Dick Van Dyke may feel like a familiar friend, due to his memorable roles and performances throughout the decades in television, film, and on Broadway. Dick and Walt Disney shared a special meeting of the minds that led to starring roles in Mary Poppins, Lt. Robin Crusoe, U.S.N., and Never a Dull Moment. Dick narrated the documentary film Walt: The Man Behind the Myth, and can currently be seen in the permanent exhibit at The Walt Disney Family Museum, explaining the wonders of the Optical Printer in Gallery 9. In this excerpt from his new memoir, My Lucky Life In and Out Of Show Business (Crown Archetype, $25), Dick recalls the beginning of his work with Walt.
I could play many types of characters on camera, but all were, in some way, going to be variations of me, and I was conscious of who I was. I wasn’t a prude or a goody two-shoes, but I was, in many ways, still the boy my mother praised for being good, and though older and more complex, I was content with remaining that good boy.
I wanted to be able to talk about my work at the dinner table and hold my head up on Sundays when my wife and I led our children into the Brentwood Presbyterian Church, where I was an elder. I did have a wild side, and I showed it every time I walked through the front door and my littlest child, Carrie Beth, made me dance to Herb Alpert and the Tijuana Brass’s hit song “Tijuana Sauerkraut.” But you were not going to see me acting up at Hollywood parties. For the most part, you weren’t going to see me at any Hollywood parties. I stayed home. That kind of family-oriented, value-driven ethos earned the admiration of another Midwesterner, the Chicago-born Walt Disney.
The visionary studio owner and entrepreneur who had created Mickey Mouse, won an Oscar for Snow White, overseen classics and favorites from Pinocchio to Fantasia to The Absent-Minded Professor and The Parent Trap, as well as opened Disneyland, had read an interview in which I stated my intention to stick to family movies. He liked that. He thought it made me perfect for his type of Disney movies—and specifically for the one he was about to start working on, Mary Poppins.
As a result of the interest he took in me, I was offered the role of Bert the chimney sweep, opposite Julie Andrews, who had been cast as the practically perfect nanny Mary Poppins. It was my dream to be in a Disney picture, and I knew from the outset that this project, based on the beloved P.L. Travers books, was no ordinary one.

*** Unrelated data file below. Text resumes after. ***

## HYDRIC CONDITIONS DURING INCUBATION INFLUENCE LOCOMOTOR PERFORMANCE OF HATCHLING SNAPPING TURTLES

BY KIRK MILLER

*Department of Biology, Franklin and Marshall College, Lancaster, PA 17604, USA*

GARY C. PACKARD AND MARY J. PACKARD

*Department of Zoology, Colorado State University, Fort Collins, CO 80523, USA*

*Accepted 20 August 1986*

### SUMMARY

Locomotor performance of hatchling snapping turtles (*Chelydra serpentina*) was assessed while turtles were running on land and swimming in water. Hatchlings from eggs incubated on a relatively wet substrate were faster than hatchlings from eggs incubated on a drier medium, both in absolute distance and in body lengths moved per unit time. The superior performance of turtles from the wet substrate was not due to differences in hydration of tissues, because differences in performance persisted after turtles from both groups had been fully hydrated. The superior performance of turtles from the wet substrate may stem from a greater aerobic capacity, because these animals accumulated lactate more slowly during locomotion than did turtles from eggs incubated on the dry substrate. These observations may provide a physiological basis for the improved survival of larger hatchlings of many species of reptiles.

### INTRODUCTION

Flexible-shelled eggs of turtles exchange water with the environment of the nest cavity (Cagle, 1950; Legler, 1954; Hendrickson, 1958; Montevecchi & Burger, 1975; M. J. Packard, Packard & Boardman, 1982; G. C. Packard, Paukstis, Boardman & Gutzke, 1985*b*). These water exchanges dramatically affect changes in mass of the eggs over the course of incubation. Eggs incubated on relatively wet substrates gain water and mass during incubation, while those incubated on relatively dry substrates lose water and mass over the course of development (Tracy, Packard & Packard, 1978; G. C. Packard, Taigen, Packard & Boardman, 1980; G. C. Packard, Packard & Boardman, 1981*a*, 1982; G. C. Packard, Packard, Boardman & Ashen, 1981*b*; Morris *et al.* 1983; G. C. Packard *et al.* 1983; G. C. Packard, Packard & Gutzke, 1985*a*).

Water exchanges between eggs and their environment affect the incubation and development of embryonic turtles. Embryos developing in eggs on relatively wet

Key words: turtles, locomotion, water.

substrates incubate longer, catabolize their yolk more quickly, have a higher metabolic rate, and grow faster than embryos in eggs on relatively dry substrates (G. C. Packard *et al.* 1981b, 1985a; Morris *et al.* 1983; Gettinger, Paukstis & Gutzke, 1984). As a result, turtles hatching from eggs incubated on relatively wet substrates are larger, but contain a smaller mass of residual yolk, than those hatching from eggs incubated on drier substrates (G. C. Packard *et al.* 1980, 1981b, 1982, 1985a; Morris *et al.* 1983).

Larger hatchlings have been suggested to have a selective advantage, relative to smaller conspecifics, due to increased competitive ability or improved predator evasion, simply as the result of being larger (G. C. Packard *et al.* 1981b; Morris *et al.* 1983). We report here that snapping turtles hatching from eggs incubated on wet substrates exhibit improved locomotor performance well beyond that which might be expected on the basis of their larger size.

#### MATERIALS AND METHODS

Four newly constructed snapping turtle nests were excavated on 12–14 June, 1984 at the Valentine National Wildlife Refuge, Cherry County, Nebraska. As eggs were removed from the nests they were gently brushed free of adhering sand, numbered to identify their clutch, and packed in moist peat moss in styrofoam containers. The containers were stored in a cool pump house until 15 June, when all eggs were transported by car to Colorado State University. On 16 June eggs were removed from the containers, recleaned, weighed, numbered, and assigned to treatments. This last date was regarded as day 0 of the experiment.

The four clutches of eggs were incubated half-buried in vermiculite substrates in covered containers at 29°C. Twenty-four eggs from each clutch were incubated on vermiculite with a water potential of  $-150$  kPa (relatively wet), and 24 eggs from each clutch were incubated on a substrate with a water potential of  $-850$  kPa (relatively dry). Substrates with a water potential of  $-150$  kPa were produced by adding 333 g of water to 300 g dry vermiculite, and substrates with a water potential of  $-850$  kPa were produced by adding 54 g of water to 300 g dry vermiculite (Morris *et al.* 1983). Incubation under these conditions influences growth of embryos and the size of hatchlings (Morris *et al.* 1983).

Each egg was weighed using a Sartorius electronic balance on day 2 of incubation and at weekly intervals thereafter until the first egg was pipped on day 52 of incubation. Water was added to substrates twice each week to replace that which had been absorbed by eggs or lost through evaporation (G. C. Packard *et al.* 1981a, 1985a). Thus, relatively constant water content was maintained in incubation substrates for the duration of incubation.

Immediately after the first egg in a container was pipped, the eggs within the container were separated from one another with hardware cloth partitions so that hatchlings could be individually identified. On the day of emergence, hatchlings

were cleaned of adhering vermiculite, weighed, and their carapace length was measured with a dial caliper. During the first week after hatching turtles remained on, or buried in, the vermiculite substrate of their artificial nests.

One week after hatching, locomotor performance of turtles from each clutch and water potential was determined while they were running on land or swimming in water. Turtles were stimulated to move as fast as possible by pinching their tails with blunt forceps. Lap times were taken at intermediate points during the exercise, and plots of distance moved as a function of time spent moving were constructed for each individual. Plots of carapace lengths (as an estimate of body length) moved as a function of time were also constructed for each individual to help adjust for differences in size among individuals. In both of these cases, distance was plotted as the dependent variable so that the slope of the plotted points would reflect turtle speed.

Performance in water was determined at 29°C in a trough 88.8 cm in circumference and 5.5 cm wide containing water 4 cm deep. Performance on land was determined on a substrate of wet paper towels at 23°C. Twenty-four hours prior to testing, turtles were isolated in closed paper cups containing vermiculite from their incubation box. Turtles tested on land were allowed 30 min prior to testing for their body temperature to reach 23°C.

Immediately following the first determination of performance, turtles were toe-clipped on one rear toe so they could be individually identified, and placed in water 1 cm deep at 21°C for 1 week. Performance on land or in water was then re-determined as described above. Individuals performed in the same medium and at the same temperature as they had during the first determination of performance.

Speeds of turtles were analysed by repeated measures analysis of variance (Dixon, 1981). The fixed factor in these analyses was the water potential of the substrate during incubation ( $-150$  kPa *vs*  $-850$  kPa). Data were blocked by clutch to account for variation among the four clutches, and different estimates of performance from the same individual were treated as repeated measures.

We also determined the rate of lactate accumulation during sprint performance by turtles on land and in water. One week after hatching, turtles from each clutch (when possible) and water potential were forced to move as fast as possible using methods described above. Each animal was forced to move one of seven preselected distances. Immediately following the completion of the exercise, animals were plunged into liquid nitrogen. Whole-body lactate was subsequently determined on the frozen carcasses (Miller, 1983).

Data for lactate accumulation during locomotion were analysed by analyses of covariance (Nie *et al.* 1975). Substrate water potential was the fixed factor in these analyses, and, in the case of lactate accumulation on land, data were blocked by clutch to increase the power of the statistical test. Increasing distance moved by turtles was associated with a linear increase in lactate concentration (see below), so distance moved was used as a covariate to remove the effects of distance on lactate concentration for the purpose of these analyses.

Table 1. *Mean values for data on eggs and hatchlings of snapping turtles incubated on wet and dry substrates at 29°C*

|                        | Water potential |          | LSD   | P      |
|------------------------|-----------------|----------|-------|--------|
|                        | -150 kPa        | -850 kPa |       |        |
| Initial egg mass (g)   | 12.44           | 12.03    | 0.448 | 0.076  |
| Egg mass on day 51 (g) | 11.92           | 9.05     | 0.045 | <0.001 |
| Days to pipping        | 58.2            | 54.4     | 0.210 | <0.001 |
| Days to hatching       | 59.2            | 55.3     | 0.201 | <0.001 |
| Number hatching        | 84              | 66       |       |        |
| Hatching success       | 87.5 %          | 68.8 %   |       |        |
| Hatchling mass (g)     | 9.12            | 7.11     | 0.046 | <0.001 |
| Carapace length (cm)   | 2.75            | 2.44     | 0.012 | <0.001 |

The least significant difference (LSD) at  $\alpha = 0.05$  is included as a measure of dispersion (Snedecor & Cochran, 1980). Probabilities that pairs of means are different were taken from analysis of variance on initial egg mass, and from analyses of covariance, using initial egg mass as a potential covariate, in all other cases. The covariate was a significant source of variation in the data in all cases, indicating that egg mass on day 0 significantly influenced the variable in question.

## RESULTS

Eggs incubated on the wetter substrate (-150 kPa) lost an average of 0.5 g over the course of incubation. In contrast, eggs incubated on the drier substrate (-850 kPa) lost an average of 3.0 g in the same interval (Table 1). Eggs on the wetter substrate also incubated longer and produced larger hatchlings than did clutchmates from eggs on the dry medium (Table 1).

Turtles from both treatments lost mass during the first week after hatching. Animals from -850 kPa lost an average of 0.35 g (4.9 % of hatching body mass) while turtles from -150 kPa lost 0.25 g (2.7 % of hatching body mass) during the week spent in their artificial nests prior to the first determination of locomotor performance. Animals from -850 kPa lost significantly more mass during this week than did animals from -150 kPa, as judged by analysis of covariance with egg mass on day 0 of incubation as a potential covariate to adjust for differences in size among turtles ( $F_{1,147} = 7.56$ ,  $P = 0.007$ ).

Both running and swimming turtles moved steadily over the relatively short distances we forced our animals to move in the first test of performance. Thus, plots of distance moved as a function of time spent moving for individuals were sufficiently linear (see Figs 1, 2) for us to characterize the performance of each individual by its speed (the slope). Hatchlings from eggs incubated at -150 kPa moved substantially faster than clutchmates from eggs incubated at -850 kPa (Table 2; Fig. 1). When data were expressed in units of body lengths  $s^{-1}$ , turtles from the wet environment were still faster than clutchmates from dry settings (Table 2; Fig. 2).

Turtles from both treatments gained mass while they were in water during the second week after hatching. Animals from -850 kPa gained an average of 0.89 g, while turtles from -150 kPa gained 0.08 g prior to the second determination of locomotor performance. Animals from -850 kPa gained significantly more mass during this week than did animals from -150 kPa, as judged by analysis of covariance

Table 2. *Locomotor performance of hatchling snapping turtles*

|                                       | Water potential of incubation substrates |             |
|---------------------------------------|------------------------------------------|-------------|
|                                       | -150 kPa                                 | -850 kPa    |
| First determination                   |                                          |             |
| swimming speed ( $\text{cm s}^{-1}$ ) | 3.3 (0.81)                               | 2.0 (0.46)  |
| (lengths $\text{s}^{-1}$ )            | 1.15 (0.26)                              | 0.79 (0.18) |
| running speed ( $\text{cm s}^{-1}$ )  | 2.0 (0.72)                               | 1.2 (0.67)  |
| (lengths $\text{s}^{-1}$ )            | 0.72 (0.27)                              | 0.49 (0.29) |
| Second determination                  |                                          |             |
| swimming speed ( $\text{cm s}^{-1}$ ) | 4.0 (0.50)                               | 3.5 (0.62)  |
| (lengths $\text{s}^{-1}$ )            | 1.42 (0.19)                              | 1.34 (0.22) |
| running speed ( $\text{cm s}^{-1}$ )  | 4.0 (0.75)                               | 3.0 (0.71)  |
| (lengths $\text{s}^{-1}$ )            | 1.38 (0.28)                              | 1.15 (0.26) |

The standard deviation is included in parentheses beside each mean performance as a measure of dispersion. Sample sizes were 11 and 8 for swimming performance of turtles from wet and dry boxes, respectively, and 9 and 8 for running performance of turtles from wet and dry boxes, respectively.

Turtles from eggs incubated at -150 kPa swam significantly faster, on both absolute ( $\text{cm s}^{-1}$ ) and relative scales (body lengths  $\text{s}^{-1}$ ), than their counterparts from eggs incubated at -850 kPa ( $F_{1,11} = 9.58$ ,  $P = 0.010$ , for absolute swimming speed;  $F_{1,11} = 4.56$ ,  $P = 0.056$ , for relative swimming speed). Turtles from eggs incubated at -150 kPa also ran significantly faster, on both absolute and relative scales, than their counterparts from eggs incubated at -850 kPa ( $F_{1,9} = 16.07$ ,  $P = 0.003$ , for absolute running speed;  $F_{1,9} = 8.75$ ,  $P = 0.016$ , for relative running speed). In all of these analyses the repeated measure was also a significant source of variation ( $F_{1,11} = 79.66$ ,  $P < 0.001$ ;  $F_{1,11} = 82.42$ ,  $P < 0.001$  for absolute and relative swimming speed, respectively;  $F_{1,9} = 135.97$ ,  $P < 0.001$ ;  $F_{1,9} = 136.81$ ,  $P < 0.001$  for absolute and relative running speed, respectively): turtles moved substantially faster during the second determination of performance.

There have only been two times in my career when I have known that I had a chance to be involved in something special. The first was The Dick Van Dyke Show, and the second was when I read the script for Poppins. I will never forget putting it down, turning to Margie, and telling her that it was sensational.
It got even better after I signed my contract and met Walt at his studio in Burbank. He impressed me as a nice man, really an old shoe. I later heard that he was a tough taskmaster, but I only saw his easygoing side, the side that led others to refer to him as Uncle Walt.
Reprinted with permission The Crown Publishing Group © 2011 by Point Productions, Inc.
DICK VAN DYKE, indisputably one of the greats of the golden age of television, is admired and beloved by audiences the world over for his beaming smile, his physical dexterity, his impeccable comic timing, his ridiculous stunts, and his unforgettable screen roles.
His trailblazing television program, The Dick Van Dyke Show was one of the most popular sitcoms of the 1960s (and introduced another major television star, Mary Tyler Moore). But Dick Van Dyke was also an enormously engaging movie star whose films, including Mary Poppins and Chitty Chitty Bang Bang, have been discovered by a new generation of fans and are as beloved today as they were when they first appeared.
A colorful, loving, richly detailed look at the decades of a multilayered life, My Lucky Life In and Out of Show Business, will enthrall every generation of reader, from baby boomers who recall when Rob Petrie became a household name, to all those still enchanted by Bert’s “Chim Chim Cher-ee.” This is a lively, heartwarming memoir of a performer who still thinks of himself as a “simple song-and-dance man,” but who is, in every sense of the word, a classic entertainer.